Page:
Modern Russian House
Living conditions in Russia defer greatly depending on the location. While in the cities people live in apartments, in the countryside everyone has a detached Russian house. Of course, a rich family is likely to have a big modern Russian house in a city's downtown (surprisingly enough, it is the most prestigious place to live), but majority of population would not be able to afford such a house. There are mainly 4 types of Russian housing.
Owning a private detached Russian house in a city is a very rare thing. Most people live in apartments (flats) which were built between 1953-1964 when Nikita Khrushchev was the First Secretary of the Communist Party. This Russian housing type has a specific design - it looks like such houses are made of separate blocks, and in general they are very ramshackle and old. Such a building is called a “Khrushchevka”. Khrushchevkas do not provide all dwellers with a garden of their own, however, since they are positioned in a block of four or five buildings, there is usually a playground or in some cases a kindergarten in the area between those buildings, in the central courtyard. These big buildings in Russian cities block up the sky and the sun, so it is hard to see stars or sunsets. Heating, electricity and water are provided by the government for separate fees. After the beginning of a Russian housing construction boom in the last decade, many new, modern and beautiful apartments were built and sold to people. However, the international crisis has interrupted the development of Russian housing.
A communal, or rather shared apartment is the type of an apartment where several people or even families can live together sharing the same kitchen and bathroom. Usually this is how such a shared apartment looks: there is a long hall in the middle of the apartment; one door of the hall leads to the shared kitchen, and another door leads to the shared bathroom; other doors of the shared apartment lead to the separate or adjoining rooms that can belong to one person or a whole family. Such families cluster together in one shared apartment and take turns to cook in the kitchen, to use the bathroom or to clean the shared area. Some very old apartments of this type may have no showers and baths.
This style of life led to formation of a unique Russian commune culture with commune jokes and mentality. It is cheaper to buy a shared apartment than a normal apartment in Russia, but as Russians say, in such cases, you are shopping for good co-dwellers, or neighbors, rather than for an apartment itself, because the peace and harmony of your coexistence depends on them.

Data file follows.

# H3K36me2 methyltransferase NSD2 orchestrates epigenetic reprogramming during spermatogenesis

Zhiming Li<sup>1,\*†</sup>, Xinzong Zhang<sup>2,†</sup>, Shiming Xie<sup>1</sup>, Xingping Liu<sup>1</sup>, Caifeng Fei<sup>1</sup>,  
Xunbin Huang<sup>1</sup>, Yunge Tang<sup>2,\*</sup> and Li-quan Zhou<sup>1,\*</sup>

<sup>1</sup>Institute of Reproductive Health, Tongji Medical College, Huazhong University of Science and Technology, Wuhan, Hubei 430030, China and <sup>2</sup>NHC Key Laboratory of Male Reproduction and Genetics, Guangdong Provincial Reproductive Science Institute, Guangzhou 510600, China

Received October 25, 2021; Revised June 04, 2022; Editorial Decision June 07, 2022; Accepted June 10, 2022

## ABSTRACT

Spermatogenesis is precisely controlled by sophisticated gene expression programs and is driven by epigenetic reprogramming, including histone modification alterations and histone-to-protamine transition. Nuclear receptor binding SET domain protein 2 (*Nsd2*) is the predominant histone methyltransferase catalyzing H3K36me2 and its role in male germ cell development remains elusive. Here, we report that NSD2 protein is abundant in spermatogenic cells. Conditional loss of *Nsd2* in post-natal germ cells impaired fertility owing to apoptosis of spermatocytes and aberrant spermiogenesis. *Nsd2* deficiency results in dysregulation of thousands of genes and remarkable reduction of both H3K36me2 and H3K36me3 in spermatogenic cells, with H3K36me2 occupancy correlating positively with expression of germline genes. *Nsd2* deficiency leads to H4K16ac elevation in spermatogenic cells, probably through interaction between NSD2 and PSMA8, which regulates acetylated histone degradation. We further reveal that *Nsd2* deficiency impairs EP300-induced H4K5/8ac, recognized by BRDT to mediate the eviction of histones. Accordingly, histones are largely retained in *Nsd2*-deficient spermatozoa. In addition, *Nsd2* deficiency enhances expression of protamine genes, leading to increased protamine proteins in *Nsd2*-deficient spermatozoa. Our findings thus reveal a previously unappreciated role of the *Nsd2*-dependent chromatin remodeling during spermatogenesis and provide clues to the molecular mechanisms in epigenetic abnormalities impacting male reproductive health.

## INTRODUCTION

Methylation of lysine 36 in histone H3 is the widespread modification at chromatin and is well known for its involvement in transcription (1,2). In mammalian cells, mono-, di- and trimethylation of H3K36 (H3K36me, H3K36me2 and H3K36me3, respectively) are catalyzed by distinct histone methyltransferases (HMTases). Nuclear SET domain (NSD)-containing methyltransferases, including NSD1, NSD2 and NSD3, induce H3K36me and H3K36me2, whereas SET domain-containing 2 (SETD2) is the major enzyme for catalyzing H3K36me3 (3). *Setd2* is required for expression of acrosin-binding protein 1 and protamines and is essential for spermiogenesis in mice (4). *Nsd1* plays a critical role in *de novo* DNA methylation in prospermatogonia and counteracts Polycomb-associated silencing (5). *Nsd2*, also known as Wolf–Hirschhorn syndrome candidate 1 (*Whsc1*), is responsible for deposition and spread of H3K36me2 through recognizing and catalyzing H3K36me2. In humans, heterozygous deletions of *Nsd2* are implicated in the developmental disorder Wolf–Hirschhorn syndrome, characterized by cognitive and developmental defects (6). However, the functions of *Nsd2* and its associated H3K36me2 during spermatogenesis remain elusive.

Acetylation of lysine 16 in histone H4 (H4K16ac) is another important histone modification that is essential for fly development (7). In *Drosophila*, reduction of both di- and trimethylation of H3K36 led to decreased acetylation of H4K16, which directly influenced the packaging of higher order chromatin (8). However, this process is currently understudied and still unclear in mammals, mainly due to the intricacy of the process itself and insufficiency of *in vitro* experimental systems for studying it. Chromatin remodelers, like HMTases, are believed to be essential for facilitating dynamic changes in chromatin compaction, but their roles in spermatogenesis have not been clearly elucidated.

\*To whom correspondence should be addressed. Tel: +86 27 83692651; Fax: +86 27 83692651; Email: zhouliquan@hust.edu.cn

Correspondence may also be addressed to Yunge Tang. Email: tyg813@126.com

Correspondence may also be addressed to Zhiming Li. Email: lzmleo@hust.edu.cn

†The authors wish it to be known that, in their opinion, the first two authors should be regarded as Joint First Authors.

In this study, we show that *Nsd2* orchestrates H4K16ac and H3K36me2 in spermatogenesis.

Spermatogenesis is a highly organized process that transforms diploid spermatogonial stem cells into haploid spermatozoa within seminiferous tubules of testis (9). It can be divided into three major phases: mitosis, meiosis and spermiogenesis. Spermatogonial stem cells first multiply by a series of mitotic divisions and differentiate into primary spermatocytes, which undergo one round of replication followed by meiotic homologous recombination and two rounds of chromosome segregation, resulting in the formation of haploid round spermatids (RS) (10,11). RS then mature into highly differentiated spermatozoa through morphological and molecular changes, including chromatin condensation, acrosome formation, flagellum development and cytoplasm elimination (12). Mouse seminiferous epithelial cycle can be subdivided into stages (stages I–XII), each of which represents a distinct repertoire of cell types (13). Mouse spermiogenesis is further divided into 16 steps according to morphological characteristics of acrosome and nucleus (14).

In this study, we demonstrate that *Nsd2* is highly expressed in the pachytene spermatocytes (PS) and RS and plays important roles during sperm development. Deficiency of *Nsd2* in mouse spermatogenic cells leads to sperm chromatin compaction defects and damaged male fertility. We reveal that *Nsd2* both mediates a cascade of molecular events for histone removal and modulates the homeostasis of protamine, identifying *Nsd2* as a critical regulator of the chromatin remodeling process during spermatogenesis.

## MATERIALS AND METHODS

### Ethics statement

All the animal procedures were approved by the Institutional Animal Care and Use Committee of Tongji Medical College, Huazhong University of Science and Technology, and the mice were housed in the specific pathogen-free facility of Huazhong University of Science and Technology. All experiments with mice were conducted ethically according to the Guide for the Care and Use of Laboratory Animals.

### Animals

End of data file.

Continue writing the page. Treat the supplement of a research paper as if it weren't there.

Families in Russian villages, small towns and other countryside have their own houses. Russian housing in the countryside is pretty down in price compared to apartments and houses in the city. Until recently such houses had their own independent heating systems and wells. However, now the Russian government provides Russian housing in the countryside with a gas heating system and a centralized water system for a reasonable price. These houses come with a large piece of land which is enough for a Russian family to grow plants and provide themselves with food. There is also a shed, a hayloft, a crib for a cow, and several enclosures for cattle. Some country houses also have a small summer kitchen which is usually detached from the house and is used in summer. An important role in a Russian household belongs to the Russian banya – Russian sauna, where a Russian family takes steam baths and washes every Saturday. Russian countrymen have several cows, chickens, geese, ducks, sheep, pigs and sometimes a horse. A dog is a faithful guard on such a piece of property. The only problem that such property suffers from is the excessive drinking habits of its owners. Since Russian country life is void of entertainment, Vodka is sometimes the only kind of fun Russian countrymen can have.
Since owning a house with a garden is something practically impossible for Russian city dwellers, the majority of Russian population has what they call “dacha” in Russia. A dacha is a small country house with some piece of land for a kitchen garden or a tree garden – whatever the owner prefers to grow there. However, one shouldn't confuse them with normal country houses from Russian villages because a dacha is much smaller (sometimes it can be a simple cabin or a one-room house), and it is located in close proximity to the city. Dachas are usually abandoned in winter time. But as soon as spring comes, large crowds of Russian old people and families rush into the Russian countryside to their dachas to take care of their plants and property. Since buying fruit and vegetables can be rather expensive in the city, especially in winter, having a dacha where a large family can grow all kinds of provision is very helpful. People in Russia feel deep connection with the nature, and for some of them going to a dacha is not even about growing things, but about resting in the countryside, swimming in the nearby river and cooking shashlik (Russian kebab) with friends. Many teenagers and young people spend their summer holidays or vacations in dacha villages.